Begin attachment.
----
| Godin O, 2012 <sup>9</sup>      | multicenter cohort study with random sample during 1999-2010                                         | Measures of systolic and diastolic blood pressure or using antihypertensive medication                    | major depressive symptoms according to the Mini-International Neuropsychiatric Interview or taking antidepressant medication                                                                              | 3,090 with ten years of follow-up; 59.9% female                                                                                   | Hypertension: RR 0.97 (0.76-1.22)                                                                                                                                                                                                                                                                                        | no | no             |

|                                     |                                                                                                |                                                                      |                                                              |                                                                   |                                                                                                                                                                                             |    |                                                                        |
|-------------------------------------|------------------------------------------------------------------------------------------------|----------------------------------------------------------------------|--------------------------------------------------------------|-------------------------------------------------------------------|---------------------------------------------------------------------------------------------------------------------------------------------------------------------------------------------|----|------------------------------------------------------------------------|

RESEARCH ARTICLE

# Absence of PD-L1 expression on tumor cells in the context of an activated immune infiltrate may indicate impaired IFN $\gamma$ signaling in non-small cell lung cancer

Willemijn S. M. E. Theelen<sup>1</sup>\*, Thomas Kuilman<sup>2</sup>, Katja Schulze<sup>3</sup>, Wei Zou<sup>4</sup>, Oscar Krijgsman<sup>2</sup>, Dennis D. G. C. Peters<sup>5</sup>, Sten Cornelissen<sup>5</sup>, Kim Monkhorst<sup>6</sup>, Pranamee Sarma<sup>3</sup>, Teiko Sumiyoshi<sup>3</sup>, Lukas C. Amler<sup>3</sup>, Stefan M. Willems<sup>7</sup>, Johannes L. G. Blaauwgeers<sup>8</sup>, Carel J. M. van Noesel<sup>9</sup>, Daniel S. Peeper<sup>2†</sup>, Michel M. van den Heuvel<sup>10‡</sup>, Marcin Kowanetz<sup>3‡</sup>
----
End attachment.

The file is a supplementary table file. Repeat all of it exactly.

| Godin O, 2012 <sup>9</sup>      | multicenter cohort study with random sample during 1999-2010                                         | Measures of systolic and diastolic blood pressure or using antihypertensive medication                    | major depressive symptoms according to the Mini-International Neuropsychiatric Interview or taking antidepressant medication                                                                              | 3,090 with ten years of follow-up; 59.9% female                                                                                   | Hypertension: RR 0.97 (0.76-1.22)                                                                                                                                                                                                                                                                                        | no | no             |

|                                     |                                                                                                |                                                                      |                                                              |                                                                   |                                                                                                                                                                                             |    |                                                                        |
|-------------------------------------|------------------------------------------------------------------------------------------------|----------------------------------------------------------------------|--------------------------------------------------------------|-------------------------------------------------------------------|---------------------------------------------------------------------------------------------------------------------------------------------------------------------------------------------|----|------------------------------------------------------------------------|

RESEARCH ARTICLE

# Absence of PD-L1 expression on tumor cells in the context of an activated immune infiltrate may indicate impaired IFN $\gamma$ signaling in non-small cell lung cancer

Willemijn S. M. E. Theelen<sup>1</sup>\*, Thomas Kuilman<sup>2</sup>, Katja Schulze<sup>3</sup>, Wei Zou<sup>4</sup>, Oscar Krijgsman<sup>2</sup>, Dennis D. G. C. Peters<sup>5</sup>, Sten Cornelissen<sup>5</sup>, Kim Monkhorst<sup>6</sup>, Pranamee Sarma<sup>3</sup>, Teiko Sumiyoshi<sup>3</sup>, Lukas C. Amler<sup>3</sup>, Stefan M. Willems<sup>7</sup>, Johannes L. G. Blaauwgeers<sup>8</sup>, Carel J. M. van Noesel<sup>9</sup>, Daniel S. Peeper<sup>2†</sup>, Michel M. van den Heuvel<sup>10‡</sup>, Marcin Kowanetz<sup>3‡</sup>